(Friday Night History) The Shove Heard ‘Round the World, Part 3

This is Part 3 of “The Shove Heard Round the World,” the story of the US Navy’s slapdash gunboat diplomacy in 1846 Japan and its aftermath. To read Part 2, click here.

(Pictured: USS Vincennes and USS Columbus in Japan, July 1846. Print by John Eastley. PD)

Commodore James Biddle’s slapdash attempt at gunboat diplomacy in the summer of 1846 failed. It was hampered especially by the fact that neither the US personnel nor the Japanese officials had anything in common for communication beyond a mutually tenuous grasp of Dutch and classical Chinese. After a polite but awkward encounter that went nowhere substantive and included Biddle getting shoved, the little flotilla left Japan empty-handed and the ships went their separate ways. Now, their experience would inform later missions– Glynn’s in 1849, Perry’s in 1853-54– but that was not all. It prompted a wave of discussion on military reform and naval design that was well underway by the time Japan was “opened” in 1853. Long story short, to say simply that Perry “opened” Japan without rounding out our appreciation of how much innovation, adaptation of foreign technology, awareness of world trends, and action to be ready for them was already underway in Japan in response to foreign incursion by the time Perry showed up, is to do a disservice to the facts.

This– the Shogunate officials in Uraga in the aftermath of Biddle’s visit– is where our story begins today.

That the US warships had the technological edge, especially in firepower, was beyond doubt. As ocean-going vessels they were also bigger than anything in Japan at the time. And of course, the Japanese authorities knew this, and sought solutions about how to face the challenges of foreign incursions that were only increasing, including at Uraga, at the entrance of Tokyo Bay.

Enter the Office of the Uraga Magistrate (Uraga Bugyōsho 浦賀奉行所), an administrative entity of the Tokugawa government. That part of the shore around Uraga (part of modern Yokosuka, Kanagawa Prefecture) was a direct holding of the shogun, and the Uraga Magistrate (Uraga Bugyō 浦賀奉行)– at times a title shared by two people, as it was after Biddle’s visit in 1846– was a position aimed at overseeing boat inspection as well as lifesaving operations at the mouth of Edo (Tokyo) Bay, established in 1720. However, as time wore on, its role increasingly and necessarily involved intercepting foreign vessels that came close to Edo Bay, and thus posed a potential national security threat to the Shogun and the seat of government. And it was vessels and personnel under the command of the Uraga Magistrate’s office that intercepted Biddle’s little flotilla. Biddle comments that the Japanese boats were able to surround his ships but posed no real threat– and the Japanese authorities were, of course, just as aware of this. The ships in service of the Uraga Magistrate were for the most part old and small in 1846. While things were successfully deescalated and Biddle did in fact leave, this, in turn, prompted Shogunate naval construction efforts that soon followed the Biddle mission.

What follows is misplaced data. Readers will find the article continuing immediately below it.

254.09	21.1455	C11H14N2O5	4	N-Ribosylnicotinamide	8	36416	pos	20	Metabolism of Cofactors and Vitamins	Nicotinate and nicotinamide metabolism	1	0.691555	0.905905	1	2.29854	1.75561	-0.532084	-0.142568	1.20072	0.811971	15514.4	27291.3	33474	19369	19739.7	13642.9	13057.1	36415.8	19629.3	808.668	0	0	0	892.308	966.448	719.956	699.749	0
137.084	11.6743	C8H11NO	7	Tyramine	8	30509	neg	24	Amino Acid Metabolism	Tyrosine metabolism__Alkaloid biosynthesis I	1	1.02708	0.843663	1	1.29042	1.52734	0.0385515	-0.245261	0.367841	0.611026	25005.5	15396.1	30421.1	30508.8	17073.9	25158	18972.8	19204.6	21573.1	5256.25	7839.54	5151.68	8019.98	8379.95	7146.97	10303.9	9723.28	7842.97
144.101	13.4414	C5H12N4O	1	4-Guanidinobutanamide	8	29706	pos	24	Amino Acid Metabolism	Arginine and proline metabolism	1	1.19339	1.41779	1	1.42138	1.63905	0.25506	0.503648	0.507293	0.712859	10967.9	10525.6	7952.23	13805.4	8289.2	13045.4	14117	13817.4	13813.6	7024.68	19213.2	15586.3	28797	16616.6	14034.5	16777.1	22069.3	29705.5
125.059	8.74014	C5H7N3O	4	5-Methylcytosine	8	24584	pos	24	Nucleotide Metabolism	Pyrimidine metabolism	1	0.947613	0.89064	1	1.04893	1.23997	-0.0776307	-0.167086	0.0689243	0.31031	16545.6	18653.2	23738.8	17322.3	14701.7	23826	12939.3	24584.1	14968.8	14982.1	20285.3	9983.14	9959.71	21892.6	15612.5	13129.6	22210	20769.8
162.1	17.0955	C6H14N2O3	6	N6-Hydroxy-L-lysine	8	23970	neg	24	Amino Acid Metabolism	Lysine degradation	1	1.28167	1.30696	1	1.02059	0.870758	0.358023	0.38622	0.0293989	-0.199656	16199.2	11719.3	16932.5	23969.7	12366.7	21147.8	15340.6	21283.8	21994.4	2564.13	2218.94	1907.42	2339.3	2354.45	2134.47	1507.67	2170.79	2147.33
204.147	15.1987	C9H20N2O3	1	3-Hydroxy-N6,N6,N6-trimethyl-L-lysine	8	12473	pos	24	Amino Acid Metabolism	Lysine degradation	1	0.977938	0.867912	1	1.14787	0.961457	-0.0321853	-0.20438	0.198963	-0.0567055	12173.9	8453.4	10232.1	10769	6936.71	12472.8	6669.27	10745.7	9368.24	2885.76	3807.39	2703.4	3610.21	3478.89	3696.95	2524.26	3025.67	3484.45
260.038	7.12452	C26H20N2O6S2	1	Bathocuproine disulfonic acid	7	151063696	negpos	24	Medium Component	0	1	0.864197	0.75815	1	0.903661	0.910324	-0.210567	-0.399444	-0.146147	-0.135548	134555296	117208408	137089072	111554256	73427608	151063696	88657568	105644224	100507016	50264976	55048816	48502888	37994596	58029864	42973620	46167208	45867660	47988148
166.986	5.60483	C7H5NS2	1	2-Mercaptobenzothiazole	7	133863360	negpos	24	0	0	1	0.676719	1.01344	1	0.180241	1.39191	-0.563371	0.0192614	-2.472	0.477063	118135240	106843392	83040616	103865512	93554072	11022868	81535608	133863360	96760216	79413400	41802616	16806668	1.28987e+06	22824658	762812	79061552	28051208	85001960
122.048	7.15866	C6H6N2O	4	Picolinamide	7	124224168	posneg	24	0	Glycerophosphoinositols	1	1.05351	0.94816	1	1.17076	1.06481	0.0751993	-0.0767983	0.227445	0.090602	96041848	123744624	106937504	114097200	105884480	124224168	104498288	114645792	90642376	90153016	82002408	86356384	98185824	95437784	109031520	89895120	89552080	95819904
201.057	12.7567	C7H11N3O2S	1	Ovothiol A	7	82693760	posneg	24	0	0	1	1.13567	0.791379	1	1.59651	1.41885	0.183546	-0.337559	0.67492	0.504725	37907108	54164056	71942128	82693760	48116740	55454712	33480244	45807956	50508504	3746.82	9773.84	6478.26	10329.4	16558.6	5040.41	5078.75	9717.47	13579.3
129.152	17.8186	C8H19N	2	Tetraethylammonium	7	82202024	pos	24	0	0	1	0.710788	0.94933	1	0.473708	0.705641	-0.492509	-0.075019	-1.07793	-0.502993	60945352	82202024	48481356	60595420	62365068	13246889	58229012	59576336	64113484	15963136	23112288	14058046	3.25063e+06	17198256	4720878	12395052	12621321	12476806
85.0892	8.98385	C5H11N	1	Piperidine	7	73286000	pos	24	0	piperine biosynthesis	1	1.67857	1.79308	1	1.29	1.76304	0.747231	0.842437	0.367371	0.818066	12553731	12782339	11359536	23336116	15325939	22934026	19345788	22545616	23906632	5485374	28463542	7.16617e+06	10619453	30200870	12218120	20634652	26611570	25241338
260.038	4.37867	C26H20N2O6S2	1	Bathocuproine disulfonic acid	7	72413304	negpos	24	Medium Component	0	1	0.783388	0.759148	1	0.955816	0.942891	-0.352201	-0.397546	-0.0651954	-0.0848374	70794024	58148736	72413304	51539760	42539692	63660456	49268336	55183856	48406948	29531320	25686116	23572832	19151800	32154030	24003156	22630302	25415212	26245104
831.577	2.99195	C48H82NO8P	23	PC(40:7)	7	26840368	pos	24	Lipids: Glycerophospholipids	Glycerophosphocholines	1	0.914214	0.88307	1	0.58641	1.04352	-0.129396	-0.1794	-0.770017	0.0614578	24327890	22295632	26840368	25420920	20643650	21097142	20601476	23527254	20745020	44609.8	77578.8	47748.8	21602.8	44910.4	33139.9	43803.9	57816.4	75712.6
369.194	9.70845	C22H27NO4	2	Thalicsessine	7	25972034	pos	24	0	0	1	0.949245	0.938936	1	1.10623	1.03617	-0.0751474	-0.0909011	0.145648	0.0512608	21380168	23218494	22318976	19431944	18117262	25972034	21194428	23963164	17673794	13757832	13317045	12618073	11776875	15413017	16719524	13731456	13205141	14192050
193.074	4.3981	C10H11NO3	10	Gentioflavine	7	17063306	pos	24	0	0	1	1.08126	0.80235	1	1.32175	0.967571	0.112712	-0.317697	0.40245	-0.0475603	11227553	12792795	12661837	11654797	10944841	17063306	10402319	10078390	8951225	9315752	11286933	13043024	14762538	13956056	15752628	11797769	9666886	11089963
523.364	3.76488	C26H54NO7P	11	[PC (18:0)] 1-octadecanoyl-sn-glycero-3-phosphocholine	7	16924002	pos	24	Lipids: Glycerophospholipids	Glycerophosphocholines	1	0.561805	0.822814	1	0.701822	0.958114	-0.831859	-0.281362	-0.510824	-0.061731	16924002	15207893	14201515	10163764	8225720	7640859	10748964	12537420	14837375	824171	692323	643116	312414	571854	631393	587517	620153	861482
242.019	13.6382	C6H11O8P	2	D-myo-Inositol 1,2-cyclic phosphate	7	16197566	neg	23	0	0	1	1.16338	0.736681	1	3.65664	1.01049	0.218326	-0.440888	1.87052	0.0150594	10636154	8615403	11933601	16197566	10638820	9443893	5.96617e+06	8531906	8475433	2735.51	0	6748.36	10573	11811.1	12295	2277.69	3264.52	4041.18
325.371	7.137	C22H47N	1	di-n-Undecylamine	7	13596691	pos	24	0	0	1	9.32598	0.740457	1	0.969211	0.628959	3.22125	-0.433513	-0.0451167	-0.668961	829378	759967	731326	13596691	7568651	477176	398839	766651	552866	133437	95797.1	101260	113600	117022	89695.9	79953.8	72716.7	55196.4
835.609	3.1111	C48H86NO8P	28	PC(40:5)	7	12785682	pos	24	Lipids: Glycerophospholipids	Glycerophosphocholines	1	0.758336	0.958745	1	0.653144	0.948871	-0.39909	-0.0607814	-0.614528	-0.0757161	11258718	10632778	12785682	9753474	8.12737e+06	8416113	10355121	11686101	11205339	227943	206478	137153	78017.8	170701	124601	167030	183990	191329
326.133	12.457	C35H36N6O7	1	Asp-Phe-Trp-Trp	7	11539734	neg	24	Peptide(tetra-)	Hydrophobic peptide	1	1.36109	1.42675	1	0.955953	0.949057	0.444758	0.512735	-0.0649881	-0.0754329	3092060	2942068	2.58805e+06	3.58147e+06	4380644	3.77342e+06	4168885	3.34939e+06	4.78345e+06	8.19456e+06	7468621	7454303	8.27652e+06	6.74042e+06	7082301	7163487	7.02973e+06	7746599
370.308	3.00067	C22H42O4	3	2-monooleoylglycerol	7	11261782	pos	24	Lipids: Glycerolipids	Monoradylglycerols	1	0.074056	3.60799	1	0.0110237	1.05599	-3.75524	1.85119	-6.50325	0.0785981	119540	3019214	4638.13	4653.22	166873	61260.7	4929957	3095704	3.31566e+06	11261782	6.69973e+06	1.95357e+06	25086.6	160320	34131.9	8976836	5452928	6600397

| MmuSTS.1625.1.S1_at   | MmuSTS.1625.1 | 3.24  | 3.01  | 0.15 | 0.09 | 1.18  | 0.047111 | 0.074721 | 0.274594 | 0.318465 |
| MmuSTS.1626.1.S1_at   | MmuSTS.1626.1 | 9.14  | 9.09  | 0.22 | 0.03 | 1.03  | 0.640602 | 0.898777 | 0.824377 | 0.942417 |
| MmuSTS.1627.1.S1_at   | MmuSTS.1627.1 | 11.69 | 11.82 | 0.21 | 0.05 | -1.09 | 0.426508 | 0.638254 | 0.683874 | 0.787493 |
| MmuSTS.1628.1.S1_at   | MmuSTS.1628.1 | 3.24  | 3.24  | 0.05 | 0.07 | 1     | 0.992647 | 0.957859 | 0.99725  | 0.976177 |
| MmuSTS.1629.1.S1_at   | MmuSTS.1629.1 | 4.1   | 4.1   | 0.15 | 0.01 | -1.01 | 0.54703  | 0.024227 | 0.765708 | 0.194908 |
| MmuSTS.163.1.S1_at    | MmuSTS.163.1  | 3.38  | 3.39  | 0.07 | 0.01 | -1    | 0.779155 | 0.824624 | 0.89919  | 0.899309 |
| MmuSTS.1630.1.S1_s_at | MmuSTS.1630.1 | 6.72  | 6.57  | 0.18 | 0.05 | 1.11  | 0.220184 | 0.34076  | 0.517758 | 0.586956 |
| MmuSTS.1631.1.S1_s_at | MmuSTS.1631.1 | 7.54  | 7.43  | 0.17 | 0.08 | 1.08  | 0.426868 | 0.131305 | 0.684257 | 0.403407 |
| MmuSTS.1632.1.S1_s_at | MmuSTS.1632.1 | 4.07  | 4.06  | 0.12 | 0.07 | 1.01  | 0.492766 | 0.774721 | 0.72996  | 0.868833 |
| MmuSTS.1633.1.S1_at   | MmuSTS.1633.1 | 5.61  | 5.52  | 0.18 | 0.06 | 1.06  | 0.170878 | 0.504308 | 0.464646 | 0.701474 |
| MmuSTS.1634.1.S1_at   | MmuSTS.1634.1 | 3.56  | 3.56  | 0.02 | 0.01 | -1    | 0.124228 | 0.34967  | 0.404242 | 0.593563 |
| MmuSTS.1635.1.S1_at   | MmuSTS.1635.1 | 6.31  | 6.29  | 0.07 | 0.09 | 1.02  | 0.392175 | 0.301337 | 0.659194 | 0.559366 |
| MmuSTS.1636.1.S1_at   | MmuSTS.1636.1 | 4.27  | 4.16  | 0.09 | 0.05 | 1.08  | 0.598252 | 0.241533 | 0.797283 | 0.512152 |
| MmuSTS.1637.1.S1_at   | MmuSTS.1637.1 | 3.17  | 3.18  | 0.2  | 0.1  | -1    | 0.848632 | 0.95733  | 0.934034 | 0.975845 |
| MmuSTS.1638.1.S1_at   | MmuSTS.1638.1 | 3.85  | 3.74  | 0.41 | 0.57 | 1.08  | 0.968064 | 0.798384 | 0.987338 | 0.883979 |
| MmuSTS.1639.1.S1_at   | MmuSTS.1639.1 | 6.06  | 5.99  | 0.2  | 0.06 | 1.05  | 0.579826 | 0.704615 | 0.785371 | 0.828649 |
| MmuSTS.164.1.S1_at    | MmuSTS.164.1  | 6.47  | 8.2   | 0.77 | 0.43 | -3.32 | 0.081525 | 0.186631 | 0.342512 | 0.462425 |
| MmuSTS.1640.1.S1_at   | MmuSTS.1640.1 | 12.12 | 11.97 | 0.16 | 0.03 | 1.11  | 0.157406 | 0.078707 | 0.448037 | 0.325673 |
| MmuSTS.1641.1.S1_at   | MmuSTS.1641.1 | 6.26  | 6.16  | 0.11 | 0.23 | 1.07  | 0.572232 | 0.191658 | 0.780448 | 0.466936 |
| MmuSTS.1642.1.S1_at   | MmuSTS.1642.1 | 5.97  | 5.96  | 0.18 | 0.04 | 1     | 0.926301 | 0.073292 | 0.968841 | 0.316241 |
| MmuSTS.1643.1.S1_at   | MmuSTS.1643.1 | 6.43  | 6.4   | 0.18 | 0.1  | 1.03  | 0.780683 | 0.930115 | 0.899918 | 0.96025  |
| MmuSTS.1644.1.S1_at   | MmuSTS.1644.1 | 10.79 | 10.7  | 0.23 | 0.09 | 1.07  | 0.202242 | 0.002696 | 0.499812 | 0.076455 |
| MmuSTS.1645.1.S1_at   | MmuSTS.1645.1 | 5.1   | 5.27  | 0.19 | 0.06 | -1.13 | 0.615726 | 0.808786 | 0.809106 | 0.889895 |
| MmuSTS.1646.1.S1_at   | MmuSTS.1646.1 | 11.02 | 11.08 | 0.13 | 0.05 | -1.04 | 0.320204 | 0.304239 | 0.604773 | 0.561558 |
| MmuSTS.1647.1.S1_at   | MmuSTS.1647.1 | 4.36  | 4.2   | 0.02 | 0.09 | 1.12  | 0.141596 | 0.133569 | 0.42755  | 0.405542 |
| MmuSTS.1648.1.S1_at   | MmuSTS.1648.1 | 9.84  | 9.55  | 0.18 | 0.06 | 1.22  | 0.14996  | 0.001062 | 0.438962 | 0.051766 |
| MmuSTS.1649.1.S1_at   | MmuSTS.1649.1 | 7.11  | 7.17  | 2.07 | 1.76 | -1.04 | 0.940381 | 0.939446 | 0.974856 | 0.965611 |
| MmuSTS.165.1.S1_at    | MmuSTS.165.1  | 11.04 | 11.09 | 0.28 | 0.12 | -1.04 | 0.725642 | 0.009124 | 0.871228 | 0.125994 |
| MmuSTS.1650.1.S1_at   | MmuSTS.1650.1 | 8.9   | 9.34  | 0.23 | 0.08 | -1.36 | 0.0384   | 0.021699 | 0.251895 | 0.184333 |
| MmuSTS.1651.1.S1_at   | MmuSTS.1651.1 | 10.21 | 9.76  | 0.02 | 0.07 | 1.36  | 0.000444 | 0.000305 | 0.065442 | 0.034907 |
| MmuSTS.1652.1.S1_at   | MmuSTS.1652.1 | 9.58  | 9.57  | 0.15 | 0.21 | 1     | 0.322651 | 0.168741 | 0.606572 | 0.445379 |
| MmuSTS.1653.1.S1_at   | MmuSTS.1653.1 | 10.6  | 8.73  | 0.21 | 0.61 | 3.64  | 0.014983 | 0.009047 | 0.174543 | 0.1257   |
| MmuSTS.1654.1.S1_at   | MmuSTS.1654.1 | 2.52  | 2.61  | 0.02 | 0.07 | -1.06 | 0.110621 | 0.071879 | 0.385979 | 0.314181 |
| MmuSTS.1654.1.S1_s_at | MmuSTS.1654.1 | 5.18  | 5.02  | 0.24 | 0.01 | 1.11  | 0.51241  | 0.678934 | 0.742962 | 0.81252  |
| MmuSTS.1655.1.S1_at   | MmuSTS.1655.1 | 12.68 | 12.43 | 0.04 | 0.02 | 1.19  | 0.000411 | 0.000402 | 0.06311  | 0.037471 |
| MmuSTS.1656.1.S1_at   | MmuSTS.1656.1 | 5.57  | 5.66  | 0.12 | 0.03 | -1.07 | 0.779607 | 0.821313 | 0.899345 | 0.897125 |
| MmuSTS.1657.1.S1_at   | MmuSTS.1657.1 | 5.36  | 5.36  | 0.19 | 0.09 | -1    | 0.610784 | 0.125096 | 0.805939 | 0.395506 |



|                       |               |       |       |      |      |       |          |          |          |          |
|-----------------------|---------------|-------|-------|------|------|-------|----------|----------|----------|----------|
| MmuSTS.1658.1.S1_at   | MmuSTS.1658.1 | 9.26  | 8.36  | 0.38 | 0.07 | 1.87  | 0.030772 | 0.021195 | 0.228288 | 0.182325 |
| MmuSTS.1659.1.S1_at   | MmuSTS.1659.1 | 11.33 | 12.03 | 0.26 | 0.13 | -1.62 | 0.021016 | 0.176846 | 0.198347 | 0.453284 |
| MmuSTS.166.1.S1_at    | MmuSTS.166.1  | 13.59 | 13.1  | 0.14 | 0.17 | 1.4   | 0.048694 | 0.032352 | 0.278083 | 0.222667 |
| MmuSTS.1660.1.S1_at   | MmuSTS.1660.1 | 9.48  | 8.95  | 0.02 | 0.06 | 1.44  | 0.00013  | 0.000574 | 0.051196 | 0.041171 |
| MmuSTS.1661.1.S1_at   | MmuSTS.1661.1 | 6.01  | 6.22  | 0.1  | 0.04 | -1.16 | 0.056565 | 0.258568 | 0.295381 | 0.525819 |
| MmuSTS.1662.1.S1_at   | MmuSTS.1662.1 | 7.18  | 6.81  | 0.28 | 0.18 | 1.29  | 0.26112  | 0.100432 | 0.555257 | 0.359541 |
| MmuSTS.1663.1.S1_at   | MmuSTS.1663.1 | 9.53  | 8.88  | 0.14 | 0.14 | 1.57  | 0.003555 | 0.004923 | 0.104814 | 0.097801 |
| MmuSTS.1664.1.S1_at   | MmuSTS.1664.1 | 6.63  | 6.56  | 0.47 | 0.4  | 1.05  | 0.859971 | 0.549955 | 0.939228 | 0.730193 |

Currier & Ives Lithograph of USS Vincennes. [Image in PD]

The tangible result of these efforts was the hybrid warship Sōshunmaru. Built on the model of a sloop– on the pattern of and on observations of the Vincennes– but modified to be a hybrid Japanese-Western warship, it was the first and foremost of Japan’s new wave of naval construction. While another school of thought emphasized coast artillery, and indeed many coast artillery batteries were built (such as Odaiba in Tokyo, which still bears the name “Odaiba” or “The Battery”) , that would only go so far. The Shogunate– during the reign of Tokugawa Ieyoshi (1793-1853, r. 1837-1853) and the Chief Councilorship of Abe Masahiro (1819-1857, in office 1843-1855)– understood that something had to be done, though the national seclusion policies were left unchanged. And so the construction of Sōshunmaru went ahead– keel laid 22 April 1849, launched 9 August 1849– under the supervision of the Uraga Magistrate. And it became one of several such hybrid sloops that were used either by the Uraga Magistrate Office or the feudal domains assigned to coast guard duty in the area (most notably the powerful Hikone domain and Aizu domain). They were in service when Commodore Perry arrived, and as I’ve noted elsewhere, the Dutch government had advised the Shogunate in advance that Perry was coming.

A far cry from the impression in some quarters that the Japanese government was entirely unprepared and entirely without military modernization projects underway on Perry’s arrival. Simultaneously, domains from as far afield as Saga, Satsuma, and Sendai all set about their own efforts at modernized shipbuilding in the interest of building their own naval capabilities to put in both their own service and to second to the shogunate as needed.